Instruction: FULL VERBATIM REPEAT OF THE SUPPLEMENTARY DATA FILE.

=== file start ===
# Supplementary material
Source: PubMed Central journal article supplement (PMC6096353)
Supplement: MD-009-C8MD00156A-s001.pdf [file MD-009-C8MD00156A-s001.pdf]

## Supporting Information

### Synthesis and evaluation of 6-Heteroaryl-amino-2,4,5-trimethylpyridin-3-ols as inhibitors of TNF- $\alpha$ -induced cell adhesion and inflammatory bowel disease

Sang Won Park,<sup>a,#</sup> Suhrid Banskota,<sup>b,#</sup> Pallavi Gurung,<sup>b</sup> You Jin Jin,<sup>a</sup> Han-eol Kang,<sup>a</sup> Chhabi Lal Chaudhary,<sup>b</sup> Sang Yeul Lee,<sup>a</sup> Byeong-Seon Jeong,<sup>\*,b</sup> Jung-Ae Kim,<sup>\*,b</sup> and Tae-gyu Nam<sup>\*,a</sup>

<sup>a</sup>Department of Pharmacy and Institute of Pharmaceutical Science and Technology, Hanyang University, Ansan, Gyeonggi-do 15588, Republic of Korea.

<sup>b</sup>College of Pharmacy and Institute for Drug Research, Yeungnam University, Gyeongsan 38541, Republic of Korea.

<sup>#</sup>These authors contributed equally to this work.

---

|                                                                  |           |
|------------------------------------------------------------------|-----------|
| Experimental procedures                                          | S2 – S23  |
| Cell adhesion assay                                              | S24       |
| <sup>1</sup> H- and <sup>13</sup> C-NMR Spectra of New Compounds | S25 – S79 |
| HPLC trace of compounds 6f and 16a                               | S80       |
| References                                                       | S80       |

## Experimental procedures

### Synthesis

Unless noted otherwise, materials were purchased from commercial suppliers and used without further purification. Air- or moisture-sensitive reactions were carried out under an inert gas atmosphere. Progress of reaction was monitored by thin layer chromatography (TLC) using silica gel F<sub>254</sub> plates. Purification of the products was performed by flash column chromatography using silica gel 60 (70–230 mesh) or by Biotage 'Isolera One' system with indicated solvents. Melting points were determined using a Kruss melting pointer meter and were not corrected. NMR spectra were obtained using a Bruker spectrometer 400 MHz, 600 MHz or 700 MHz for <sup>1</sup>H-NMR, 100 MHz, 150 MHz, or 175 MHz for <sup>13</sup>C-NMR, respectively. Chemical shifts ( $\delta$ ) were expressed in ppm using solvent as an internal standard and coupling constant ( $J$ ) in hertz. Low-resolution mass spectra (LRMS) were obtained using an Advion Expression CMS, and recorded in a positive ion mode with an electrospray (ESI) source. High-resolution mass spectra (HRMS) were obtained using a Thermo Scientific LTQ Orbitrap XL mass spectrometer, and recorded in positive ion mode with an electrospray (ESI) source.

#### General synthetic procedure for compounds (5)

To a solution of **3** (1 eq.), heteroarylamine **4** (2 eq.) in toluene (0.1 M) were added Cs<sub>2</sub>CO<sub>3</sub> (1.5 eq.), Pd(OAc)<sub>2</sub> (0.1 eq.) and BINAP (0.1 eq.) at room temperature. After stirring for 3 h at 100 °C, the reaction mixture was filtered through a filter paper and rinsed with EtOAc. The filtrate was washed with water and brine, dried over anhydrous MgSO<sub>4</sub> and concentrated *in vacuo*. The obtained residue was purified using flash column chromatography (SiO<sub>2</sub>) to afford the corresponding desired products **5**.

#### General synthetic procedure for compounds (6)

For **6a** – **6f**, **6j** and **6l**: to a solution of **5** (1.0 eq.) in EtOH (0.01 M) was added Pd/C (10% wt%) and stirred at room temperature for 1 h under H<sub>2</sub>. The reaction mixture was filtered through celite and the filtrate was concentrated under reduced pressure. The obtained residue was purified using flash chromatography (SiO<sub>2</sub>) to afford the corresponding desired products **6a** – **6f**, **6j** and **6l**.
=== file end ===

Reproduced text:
# Supplementary material
Source: PubMed Central journal article supplement (PMC6096353)
Supplement: MD-009-C8MD00156A-s001.pdf [file MD-009-C8MD00156A-s001.pdf]

## Supporting Information

### Synthesis and evaluation of 6-Heteroaryl-amino-2,4,5-trimethylpyridin-3-ols as inhibitors of TNF- $\alpha$ -induced cell adhesion and inflammatory bowel disease

Sang Won Park,<sup>a,#</sup> Suhrid Banskota,<sup>b,#</sup> Pallavi Gurung,<sup>b</sup> You Jin Jin,<sup>a</sup> Han-eol Kang,<sup>a</sup> Chhabi Lal Chaudhary,<sup>b</sup> Sang Yeul Lee,<sup>a</sup> Byeong-Seon Jeong,<sup>\*,b</sup> Jung-Ae Kim,<sup>\*,b</sup> and Tae-gyu Nam<sup>\*,a</sup>

<sup>a</sup>Department of Pharmacy and Institute of Pharmaceutical Science and Technology, Hanyang University, Ansan, Gyeonggi-do 15588, Republic of Korea.

<sup>b</sup>College of Pharmacy and Institute for Drug Research, Yeungnam University, Gyeongsan 38541, Republic of Korea.

<sup>#</sup>These authors contributed equally to this work.

---

|                                                                  |           |
|------------------------------------------------------------------|-----------|
| Experimental procedures                                          | S2 – S23  |
| Cell adhesion assay                                              | S24       |
| <sup>1</sup> H- and <sup>13</sup> C-NMR Spectra of New Compounds | S25 – S79 |
| HPLC trace of compounds 6f and 16a                               | S80       |
| References                                                       | S80       |

## Experimental procedures

### Synthesis

Unless noted otherwise, materials were purchased from commercial suppliers and used without further purification. Air- or moisture-sensitive reactions were carried out under an inert gas atmosphere. Progress of reaction was monitored by thin layer chromatography (TLC) using silica gel F<sub>254</sub> plates. Purification of the products was performed by flash column chromatography using silica gel 60 (70–230 mesh) or by Biotage 'Isolera One' system with indicated solvents. Melting points were determined using a Kruss melting pointer meter and were not corrected. NMR spectra were obtained using a Bruker spectrometer 400 MHz, 600 MHz or 700 MHz for <sup>1</sup>H-NMR, 100 MHz, 150 MHz, or 175 MHz for <sup>13</sup>C-NMR, respectively. Chemical shifts ( $\delta$ ) were expressed in ppm using solvent as an internal standard and coupling constant ( $J$ ) in hertz. Low-resolution mass spectra (LRMS) were obtained using an Advion Expression CMS, and recorded in a positive ion mode with an electrospray (ESI) source. High-resolution mass spectra (HRMS) were obtained using a Thermo Scientific LTQ Orbitrap XL mass spectrometer, and recorded in positive ion mode with an electrospray (ESI) source.

#### General synthetic procedure for compounds (5)

To a solution of **3** (1 eq.), heteroarylamine **4** (2 eq.) in toluene (0.1 M) were added Cs<sub>2</sub>CO<sub>3</sub> (1.5 eq.), Pd(OAc)<sub>2</sub> (0.1 eq.) and BINAP (0.1 eq.) at room temperature. After stirring for 3 h at 100 °C, the reaction mixture was filtered through a filter paper and rinsed with EtOAc. The filtrate was washed with water and brine, dried over anhydrous MgSO<sub>4</sub> and concentrated *in vacuo*. The obtained residue was purified using flash column chromatography (SiO<sub>2</sub>) to afford the corresponding desired products **5**.

#### General synthetic procedure for compounds (6)

For **6a** – **6f**, **6j** and **6l**: to a solution of **5** (1.0 eq.) in EtOH (0.01 M) was added Pd/C (10% wt%) and stirred at room temperature for 1 h under H<sub>2</sub>. The reaction mixture was filtered through celite and the filtrate was concentrated under reduced pressure. The obtained residue was purified using flash chromatography (SiO<sub>2</sub>) to afford the corresponding desired products **6a** – **6f**, **6j** and **6l**.